The notion that Ivanka’s reticence on political issues conceals an innate goodness and a sort of strategic genius that can only be deployed behind the scenes has been crumbling since November. As I wrote last year in a piece about her previous book, Ivanka possesses a type of beauty that often passes as moral uprightness; she speaks carefully, making some portion of her audience believe that she must act carefully, too qar to usd. But “Women Who Work” should put an end to the idea that Ivanka is particularly self-aware. In the book’s third paragraph, she assesses her father’s Presidential run by saying, “I have grown tremendously as a person.” Later, she laments not “treating myself to a massage or making much time for self-care” during the campaign convert usd to nzd. She warns the reader of the dangers of one’s inner circle turning into an echo chamber.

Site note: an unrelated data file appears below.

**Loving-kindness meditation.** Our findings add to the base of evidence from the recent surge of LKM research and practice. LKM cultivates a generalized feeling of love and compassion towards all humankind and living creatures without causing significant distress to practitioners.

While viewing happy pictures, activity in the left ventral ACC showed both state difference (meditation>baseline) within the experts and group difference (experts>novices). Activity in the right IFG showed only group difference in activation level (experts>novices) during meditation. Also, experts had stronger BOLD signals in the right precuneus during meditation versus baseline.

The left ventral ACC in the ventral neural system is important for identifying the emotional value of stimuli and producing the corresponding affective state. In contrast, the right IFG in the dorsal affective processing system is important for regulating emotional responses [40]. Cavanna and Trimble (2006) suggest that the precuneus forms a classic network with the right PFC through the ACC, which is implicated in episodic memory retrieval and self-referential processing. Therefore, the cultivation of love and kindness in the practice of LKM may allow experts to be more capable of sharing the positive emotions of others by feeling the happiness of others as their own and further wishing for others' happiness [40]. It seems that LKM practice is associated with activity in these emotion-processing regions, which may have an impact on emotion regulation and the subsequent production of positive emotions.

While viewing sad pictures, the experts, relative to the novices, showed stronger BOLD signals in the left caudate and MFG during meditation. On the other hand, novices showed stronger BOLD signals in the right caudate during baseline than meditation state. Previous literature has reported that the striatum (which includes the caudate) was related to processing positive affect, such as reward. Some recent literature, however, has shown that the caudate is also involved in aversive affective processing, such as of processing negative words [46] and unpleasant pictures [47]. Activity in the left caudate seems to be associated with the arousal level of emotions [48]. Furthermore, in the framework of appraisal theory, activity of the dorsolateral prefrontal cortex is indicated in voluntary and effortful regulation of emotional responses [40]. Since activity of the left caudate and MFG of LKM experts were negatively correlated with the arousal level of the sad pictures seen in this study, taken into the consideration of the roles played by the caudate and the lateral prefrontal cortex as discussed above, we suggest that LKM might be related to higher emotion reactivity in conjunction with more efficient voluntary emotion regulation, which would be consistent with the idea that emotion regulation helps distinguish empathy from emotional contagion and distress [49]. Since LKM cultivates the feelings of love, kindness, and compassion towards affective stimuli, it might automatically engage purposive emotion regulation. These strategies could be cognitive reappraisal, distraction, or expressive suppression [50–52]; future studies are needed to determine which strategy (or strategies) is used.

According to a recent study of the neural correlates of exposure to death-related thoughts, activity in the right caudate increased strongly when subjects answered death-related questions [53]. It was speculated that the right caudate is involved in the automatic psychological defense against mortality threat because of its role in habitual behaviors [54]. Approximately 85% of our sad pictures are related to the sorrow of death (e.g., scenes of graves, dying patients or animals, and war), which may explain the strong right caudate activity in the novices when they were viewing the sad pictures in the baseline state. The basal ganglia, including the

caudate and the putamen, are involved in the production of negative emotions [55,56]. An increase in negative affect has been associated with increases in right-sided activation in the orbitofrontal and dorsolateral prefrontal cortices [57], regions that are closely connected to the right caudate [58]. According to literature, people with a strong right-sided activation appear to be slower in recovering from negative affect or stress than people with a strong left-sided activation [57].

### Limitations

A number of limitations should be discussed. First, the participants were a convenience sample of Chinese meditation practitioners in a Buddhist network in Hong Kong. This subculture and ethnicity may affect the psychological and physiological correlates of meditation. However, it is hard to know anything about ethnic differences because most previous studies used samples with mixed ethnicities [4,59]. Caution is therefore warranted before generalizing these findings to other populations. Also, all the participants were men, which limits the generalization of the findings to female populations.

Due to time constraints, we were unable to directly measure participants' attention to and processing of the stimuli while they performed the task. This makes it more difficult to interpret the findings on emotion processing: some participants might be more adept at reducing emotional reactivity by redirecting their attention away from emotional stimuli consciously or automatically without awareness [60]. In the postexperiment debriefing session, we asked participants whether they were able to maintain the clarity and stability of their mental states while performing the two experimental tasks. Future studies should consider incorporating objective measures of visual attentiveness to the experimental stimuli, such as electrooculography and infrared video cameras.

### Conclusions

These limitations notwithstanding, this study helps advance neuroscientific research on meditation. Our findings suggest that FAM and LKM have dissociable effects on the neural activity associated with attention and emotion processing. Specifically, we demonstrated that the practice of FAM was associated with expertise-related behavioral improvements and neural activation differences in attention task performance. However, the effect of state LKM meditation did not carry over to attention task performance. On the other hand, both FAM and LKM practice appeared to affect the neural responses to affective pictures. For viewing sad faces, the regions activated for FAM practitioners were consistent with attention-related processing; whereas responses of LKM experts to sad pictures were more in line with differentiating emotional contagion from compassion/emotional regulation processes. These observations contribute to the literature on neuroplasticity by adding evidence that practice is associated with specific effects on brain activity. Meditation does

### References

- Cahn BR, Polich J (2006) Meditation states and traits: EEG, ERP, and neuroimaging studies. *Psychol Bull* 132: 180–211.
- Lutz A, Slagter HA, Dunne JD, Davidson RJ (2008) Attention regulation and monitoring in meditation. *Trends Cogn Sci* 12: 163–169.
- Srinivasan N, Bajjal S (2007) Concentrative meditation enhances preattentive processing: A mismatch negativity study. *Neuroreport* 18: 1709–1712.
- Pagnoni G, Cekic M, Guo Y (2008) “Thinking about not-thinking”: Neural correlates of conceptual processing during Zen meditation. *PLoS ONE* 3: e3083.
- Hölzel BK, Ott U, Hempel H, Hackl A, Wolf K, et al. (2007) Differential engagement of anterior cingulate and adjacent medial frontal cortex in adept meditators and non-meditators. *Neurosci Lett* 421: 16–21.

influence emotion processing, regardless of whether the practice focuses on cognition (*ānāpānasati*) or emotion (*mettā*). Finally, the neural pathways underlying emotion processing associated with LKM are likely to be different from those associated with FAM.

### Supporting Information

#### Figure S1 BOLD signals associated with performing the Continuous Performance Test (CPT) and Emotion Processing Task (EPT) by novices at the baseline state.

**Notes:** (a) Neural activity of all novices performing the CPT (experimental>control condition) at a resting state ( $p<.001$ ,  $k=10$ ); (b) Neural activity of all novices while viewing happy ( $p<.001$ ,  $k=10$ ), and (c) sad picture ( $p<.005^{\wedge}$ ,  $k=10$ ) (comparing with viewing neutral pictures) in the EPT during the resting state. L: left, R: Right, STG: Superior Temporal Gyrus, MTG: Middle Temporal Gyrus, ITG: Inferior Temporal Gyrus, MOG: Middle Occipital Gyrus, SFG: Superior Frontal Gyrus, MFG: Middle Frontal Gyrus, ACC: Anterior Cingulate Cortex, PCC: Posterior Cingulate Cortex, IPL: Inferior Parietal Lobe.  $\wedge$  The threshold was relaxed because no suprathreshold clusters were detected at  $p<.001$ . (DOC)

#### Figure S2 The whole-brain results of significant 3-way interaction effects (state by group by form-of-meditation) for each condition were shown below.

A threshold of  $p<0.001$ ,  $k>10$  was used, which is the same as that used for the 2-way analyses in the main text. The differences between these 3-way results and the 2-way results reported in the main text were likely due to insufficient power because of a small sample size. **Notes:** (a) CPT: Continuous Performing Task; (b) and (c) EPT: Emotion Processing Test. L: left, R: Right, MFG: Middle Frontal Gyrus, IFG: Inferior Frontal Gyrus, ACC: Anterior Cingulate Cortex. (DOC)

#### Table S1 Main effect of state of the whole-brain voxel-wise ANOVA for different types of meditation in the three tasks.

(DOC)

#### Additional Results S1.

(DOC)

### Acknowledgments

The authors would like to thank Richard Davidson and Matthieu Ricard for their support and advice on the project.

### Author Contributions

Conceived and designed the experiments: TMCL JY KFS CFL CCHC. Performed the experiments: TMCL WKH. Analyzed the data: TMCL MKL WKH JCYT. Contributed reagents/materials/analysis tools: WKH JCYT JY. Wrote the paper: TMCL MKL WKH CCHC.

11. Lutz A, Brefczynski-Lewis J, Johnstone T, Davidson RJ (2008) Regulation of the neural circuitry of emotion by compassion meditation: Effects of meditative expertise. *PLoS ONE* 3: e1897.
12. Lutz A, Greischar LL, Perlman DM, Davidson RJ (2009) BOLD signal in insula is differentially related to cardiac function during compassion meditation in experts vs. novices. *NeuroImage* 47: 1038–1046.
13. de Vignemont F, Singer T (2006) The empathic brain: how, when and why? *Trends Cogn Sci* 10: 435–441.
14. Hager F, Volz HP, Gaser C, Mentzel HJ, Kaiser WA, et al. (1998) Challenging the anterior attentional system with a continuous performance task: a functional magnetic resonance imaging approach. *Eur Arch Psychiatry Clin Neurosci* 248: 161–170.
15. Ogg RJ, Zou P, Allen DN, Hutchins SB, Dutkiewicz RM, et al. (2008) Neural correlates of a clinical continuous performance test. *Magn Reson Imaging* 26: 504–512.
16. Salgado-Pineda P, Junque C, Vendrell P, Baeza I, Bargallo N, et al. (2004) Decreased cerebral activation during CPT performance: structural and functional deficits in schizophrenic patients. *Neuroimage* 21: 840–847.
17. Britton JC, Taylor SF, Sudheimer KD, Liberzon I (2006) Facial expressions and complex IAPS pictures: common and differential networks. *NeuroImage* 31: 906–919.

What’s more striking is that the book fails even to get its own story straight: Which came first, Ivanka’s women’s-empowerment initiative or her desire to sell more shoes? The initiative evolved “very organically,” she writes. And yet throughout the book she reverts to the tone of a pitch deck: “I designed my company around a larger mission. Whether you’re trying on a pair of my heels or perusing my Web site for interviewing tips, my ‘why’ is to provide you—a woman who works—with solutions and inspiration.” A few pages later, she describes her entry into the fashion business as a “market opportunity . . . ready to be seized.” The book ultimately doesn’t try very hard to obscure the fact that the Women Who Work initiative was created, as the Times_ _recently reported, as a way to make Ivanka products more marketable. She seems unwilling to acknowledge—if this is something that she has even grasped in the first place—that there could, hypothetically, be a difference between what’s good for women and what’s good for her brand.